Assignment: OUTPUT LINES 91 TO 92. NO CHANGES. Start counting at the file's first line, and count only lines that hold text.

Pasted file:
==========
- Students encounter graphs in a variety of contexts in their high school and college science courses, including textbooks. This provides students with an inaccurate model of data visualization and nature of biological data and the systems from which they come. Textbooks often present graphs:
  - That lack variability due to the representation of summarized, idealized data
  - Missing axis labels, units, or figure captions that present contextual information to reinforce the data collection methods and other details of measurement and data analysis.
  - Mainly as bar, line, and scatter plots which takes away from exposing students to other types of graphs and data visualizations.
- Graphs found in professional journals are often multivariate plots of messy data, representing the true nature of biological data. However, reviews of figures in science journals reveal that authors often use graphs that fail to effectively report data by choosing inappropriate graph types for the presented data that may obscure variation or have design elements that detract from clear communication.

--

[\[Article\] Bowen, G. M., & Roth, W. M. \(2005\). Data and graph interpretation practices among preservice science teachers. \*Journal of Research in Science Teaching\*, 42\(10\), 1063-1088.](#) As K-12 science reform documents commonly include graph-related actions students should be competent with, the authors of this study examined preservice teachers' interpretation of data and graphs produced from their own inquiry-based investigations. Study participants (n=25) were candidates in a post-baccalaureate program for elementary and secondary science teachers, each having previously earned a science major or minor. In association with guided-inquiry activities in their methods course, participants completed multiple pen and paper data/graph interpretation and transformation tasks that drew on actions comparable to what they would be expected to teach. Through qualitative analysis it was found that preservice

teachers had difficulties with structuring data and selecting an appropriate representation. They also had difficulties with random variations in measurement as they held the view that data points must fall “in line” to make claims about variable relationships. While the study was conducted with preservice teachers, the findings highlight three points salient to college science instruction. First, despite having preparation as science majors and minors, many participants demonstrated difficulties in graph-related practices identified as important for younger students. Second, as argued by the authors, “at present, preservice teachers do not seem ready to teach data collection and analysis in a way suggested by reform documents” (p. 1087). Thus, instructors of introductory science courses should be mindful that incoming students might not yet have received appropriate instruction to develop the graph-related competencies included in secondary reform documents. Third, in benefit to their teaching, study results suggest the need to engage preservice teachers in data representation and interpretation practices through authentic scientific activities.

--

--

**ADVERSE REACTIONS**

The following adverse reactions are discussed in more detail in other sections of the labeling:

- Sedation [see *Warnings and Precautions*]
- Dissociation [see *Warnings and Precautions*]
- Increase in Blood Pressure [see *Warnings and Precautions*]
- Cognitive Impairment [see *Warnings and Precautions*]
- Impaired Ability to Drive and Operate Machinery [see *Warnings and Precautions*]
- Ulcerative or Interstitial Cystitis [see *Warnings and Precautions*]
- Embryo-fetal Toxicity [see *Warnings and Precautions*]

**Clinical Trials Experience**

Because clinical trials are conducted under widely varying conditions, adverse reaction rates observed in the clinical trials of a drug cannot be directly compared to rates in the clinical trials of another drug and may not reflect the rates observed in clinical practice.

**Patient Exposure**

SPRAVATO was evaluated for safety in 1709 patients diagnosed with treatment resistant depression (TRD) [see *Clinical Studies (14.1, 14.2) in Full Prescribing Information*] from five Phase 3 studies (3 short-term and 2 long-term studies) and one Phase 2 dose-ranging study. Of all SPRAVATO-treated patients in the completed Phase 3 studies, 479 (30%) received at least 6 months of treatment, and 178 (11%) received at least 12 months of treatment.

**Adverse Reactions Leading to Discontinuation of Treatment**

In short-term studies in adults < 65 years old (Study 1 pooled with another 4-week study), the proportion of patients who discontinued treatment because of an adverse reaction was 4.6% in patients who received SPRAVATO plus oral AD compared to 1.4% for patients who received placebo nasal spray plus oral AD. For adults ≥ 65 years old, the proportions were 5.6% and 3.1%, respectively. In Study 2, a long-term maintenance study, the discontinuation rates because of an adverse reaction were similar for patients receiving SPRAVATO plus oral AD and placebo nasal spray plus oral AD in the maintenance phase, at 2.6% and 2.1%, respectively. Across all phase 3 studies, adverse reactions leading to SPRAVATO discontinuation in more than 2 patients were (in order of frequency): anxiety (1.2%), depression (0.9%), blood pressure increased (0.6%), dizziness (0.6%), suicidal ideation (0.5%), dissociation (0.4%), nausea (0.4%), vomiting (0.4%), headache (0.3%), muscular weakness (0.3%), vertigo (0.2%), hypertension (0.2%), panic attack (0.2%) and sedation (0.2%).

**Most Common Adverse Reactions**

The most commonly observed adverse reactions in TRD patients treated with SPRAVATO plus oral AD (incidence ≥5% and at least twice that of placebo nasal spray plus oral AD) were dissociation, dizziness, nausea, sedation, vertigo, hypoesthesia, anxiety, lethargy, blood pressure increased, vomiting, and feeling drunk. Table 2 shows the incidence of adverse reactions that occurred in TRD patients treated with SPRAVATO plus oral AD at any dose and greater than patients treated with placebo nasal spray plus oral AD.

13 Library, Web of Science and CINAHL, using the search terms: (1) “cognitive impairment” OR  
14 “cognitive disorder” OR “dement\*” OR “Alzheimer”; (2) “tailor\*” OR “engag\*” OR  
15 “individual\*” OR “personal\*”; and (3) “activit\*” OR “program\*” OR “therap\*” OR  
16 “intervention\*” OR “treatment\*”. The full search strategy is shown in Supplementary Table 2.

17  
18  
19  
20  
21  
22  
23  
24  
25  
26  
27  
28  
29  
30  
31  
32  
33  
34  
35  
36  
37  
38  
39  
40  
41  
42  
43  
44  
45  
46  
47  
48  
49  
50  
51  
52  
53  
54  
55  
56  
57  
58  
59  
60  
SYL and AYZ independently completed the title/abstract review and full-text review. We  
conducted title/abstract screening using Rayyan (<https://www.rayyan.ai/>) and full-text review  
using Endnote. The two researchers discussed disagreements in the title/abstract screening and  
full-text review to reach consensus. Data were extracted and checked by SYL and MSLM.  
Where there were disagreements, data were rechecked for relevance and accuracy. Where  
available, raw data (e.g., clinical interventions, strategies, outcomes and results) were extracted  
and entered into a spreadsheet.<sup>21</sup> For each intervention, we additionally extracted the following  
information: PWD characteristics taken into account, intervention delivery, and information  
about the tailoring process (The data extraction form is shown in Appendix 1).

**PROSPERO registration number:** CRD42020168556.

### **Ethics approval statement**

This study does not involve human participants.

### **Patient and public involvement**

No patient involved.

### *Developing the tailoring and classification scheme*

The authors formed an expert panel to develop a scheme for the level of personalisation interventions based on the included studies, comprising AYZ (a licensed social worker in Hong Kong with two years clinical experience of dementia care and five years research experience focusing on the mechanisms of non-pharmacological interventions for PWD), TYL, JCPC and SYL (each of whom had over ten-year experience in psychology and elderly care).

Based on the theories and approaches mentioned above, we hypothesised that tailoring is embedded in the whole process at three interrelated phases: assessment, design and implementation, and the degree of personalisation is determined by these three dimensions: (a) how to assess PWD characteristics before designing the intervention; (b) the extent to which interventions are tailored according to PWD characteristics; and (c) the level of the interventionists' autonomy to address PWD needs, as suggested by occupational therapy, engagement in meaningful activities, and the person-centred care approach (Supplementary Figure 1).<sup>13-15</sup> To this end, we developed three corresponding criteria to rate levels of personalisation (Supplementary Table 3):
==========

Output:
The authors formed an expert panel to develop a scheme for the level of personalisation interventions based on the included studies, comprising AYZ (a licensed social worker in Hong Kong with two years clinical experience of dementia care and five years research experience focusing on the mechanisms of non-pharmacological interventions for PWD), TYL, JCPC and SYL (each of whom had over ten-year experience in psychology and elderly care).

Based on the theories and approaches mentioned above, we hypothesised that tailoring is embedded in the whole process at three interrelated phases: assessment, design and implementation, and the degree of personalisation is determined by these three dimensions: (a) how to assess PWD characteristics before designing the intervention; (b) the extent to which interventions are tailored according to PWD characteristics; and (c) the level of the interventionists' autonomy to address PWD needs, as suggested by occupational therapy, engagement in meaningful activities, and the person-centred care approach (Supplementary Figure 1).<sup>13-15</sup> To this end, we developed three corresponding criteria to rate levels of personalisation (Supplementary Table 3):